Health Canada’s figures for August show stocks of dried cannabis have nearly tripled to 328,000 kilograms this year, with a total inventory almost 30 times sales, reports the Financial Post website. The share price crash has also seen the once-bountiful capital markets dry up, with some companies now having to offload real estate assets raise cash.
Innovative Industrial Properties, the largest cannabis-focused real estate investment trust, completed U.S. $375.6 million worth of deals in 2019, saying its deal ‘pipeline has never been more vigorous’ reports BNN Bloomberg.
The industry crisis has seen the Cannabis Council of Canada write to Prime Minister Justin Trudeau for help addressing some of the industry’s most pressing challenges. These include cracking down on the black market which still accounts for over 50% of sales.
Some firms like Hexo, have responded by launching budget price products. Its ‘Original Stash’ line retails at around $3.40 per gram – about half the average Canadian selling price.
The strict rules on packaging are also preventing the development of popular brands which can help generate interest and activity in the retail sector. Then there are compliance issues at companies such as, the inaptly named, CannTrust over unlicensed growing rooms, which has led to job losses, which now common across the sector.
In the light of all the issues short sellers – those betting share prices will fall further – are taking positions on Canadian cannabis stocks. MKM analyst Bill Kirk said: “Rather than be wildly profitable in two years, we expect the Canadian LPs to be roughly break-even.”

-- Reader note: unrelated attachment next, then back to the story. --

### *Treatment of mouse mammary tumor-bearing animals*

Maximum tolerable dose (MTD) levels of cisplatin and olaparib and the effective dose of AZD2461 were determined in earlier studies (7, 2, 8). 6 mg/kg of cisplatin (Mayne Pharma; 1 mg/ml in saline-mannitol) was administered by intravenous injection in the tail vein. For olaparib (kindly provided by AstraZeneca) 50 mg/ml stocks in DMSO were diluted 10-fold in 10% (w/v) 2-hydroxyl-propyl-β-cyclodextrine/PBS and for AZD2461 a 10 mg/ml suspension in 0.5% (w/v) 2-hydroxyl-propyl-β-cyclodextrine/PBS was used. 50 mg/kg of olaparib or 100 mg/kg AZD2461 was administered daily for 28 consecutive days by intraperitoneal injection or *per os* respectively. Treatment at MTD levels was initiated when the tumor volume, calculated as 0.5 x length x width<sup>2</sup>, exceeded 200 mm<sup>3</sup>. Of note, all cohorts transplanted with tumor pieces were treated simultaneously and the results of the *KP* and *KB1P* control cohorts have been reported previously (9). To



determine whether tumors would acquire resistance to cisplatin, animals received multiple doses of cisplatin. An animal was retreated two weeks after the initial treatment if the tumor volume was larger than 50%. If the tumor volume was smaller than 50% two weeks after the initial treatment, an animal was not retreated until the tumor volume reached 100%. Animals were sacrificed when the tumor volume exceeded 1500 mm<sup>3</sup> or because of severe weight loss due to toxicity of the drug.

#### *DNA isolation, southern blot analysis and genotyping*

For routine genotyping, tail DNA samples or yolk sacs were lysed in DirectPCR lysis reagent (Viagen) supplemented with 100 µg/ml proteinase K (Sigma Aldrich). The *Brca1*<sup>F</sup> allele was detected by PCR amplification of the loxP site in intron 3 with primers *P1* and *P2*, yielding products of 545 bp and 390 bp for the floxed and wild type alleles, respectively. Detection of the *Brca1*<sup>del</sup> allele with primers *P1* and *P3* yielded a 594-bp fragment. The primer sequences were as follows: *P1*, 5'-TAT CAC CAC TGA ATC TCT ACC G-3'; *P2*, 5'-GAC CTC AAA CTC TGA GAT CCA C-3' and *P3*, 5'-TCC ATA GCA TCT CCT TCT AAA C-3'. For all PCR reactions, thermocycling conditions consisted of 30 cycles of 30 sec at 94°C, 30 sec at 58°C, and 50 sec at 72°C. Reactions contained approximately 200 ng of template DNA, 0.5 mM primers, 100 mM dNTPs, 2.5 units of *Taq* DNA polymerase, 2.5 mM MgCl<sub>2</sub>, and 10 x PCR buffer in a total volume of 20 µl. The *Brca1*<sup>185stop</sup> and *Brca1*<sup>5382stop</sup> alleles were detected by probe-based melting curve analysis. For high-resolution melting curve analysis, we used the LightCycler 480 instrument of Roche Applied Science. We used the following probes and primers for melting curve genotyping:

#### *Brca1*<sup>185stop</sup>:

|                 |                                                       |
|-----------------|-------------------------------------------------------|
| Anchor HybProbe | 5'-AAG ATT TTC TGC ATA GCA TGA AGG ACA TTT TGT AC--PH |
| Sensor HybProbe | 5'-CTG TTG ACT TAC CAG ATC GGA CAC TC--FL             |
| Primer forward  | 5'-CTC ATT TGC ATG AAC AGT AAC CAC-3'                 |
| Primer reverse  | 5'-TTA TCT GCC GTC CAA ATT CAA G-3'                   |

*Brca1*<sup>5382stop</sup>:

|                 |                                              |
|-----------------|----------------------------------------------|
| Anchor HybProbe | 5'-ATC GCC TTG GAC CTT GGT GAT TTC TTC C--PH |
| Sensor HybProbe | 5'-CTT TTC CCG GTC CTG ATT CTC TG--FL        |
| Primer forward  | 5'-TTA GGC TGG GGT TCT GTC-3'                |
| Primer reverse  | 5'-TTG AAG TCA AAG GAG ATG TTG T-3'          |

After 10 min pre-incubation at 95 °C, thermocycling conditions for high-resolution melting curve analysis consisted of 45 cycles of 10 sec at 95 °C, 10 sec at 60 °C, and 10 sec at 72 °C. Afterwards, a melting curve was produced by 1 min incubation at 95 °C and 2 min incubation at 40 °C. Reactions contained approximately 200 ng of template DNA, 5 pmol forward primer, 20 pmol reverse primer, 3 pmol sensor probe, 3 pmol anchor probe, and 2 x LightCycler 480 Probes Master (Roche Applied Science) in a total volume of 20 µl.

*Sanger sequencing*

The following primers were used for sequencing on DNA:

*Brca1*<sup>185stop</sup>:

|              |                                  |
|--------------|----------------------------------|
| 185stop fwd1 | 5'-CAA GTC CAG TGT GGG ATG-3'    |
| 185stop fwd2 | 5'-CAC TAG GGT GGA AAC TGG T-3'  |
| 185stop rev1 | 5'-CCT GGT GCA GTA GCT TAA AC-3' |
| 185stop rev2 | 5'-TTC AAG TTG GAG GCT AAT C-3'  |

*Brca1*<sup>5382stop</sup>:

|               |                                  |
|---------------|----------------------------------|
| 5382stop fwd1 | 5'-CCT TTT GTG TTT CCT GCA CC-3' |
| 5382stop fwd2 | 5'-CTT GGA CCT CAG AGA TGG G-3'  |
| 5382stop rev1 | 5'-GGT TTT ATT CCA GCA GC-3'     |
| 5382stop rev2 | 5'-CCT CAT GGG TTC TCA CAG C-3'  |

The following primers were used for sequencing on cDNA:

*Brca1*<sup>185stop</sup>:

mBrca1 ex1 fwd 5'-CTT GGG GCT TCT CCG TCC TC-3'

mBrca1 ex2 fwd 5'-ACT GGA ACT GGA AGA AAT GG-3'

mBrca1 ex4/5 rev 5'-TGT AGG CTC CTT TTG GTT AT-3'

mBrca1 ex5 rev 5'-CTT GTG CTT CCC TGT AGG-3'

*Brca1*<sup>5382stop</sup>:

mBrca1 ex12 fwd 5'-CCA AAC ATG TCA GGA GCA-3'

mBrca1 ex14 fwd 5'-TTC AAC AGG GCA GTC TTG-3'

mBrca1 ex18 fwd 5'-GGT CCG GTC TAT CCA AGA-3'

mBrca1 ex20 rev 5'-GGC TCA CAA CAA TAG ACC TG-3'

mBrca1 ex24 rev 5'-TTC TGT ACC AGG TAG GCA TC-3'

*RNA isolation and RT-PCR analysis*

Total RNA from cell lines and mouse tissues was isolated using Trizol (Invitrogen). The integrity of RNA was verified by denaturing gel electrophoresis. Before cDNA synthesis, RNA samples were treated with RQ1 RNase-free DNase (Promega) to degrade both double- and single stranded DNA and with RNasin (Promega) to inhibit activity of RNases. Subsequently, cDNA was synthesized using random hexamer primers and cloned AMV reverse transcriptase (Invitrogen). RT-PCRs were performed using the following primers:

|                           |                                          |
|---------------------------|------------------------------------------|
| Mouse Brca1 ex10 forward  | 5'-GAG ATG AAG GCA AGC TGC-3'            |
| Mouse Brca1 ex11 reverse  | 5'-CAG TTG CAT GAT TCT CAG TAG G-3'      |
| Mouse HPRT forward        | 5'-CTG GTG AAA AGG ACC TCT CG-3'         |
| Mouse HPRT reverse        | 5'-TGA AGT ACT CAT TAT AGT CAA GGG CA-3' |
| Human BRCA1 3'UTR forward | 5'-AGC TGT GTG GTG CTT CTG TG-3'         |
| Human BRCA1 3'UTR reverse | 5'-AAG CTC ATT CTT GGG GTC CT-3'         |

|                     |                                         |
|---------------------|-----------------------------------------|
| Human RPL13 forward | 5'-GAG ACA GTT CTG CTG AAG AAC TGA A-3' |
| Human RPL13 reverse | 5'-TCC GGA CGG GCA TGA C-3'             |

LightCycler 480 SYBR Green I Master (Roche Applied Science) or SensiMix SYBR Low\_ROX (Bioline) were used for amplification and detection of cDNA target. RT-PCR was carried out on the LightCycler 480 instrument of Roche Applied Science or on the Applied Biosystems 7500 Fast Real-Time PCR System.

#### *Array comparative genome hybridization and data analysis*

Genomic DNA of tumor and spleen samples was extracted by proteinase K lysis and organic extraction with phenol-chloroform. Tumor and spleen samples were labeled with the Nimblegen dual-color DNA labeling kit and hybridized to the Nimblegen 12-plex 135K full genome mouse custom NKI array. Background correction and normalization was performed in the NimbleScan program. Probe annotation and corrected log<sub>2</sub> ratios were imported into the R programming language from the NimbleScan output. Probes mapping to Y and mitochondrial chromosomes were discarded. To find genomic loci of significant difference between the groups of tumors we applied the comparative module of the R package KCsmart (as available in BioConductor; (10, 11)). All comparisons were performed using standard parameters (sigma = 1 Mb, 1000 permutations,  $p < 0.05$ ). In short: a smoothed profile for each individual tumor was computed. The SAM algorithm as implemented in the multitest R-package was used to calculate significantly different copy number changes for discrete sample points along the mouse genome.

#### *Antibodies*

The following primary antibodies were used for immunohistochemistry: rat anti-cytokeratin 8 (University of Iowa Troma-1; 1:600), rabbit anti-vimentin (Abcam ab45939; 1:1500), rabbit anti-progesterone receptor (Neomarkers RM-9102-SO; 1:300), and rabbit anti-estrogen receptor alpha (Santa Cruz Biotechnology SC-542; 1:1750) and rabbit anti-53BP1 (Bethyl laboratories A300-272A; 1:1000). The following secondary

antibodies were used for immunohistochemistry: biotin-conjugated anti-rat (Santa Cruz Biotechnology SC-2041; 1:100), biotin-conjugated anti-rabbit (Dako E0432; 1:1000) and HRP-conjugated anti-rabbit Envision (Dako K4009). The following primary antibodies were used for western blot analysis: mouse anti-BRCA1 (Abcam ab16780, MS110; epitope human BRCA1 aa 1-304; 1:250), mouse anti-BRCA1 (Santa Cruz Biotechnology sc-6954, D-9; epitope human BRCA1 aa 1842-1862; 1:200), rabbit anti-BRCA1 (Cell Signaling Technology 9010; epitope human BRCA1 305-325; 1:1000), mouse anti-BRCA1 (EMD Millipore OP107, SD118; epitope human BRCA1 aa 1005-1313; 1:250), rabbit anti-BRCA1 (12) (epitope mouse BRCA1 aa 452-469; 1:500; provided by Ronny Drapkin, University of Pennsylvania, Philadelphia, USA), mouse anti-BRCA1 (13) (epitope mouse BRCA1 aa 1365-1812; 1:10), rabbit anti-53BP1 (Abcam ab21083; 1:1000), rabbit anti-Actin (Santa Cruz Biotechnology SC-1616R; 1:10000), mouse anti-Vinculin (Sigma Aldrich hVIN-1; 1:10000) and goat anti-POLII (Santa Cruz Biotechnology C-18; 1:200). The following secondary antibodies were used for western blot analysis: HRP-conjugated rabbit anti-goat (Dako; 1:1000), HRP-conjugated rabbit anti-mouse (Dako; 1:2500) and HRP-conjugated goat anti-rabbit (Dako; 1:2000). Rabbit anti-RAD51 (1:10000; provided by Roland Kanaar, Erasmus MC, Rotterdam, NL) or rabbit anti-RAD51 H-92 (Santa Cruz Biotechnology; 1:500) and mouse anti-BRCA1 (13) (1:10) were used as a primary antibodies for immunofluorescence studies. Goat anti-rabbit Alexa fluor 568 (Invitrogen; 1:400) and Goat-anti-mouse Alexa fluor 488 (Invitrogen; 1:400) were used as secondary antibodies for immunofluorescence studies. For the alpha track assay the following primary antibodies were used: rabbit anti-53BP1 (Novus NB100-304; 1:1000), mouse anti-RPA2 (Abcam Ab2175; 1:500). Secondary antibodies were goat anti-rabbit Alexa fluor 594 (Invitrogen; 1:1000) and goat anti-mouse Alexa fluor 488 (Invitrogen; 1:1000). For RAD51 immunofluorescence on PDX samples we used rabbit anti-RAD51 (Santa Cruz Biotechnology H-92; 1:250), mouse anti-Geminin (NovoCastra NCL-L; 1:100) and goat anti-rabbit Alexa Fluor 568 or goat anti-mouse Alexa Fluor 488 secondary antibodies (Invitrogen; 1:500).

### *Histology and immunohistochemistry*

Nevertheless, despite of the doom and gloom, the long-term sentiment of many market-watchers is upbeat. One of the first to call the end to the sell-off was Cantor Fitzgerald, it says the positives will outweigh the negatives in 2020. “Valuations are at two-year lows, and we deem them attractive based on the long-term opportunity,” says its analyst Pablo Zuanic.
More store openings are expected, with Canopy projecting an average of 40 new stores opening in Ontario each month beginning in January, reports Motley Fool. And, the January launch of Cannabis 2.0; the new market for products such as edibles, gummies and other diversified retail lines will be a boost to sales.
Annual Revenues To Double
New Frontier Data estimates that 1.5 million adults consumed legal cannabis in the first year of legalisation, with that total expected to reach 7.3 million by 2024, with annual revenues more than doubling to C$5.8 billion in that time.
This diversification into new products is matched by concerted efforts at geographical diversification. Many leading Canadian cannabis companies have expanded into Europe; a market which is expected to surpass North America’s in size, and many are also investing in the U.S. CBD market which is experiencing a massive boom.
As Matt Benjamin from the InvestmentU website points out cannabis is still a ‘nascent industry with a bunch of problems yet to solve’. He says the institutional investors will eventually arrive and says there is ‘little doubt the cannabis industry will continue to grow’.
While the sector may be in a for ‘long-hard winter’ there is hope – and even an expectation – that this icy blast will eventually thaw and spring will return to Narnia. But, by then Canada’s cannabis landscape may look markedly different than the one that exists today.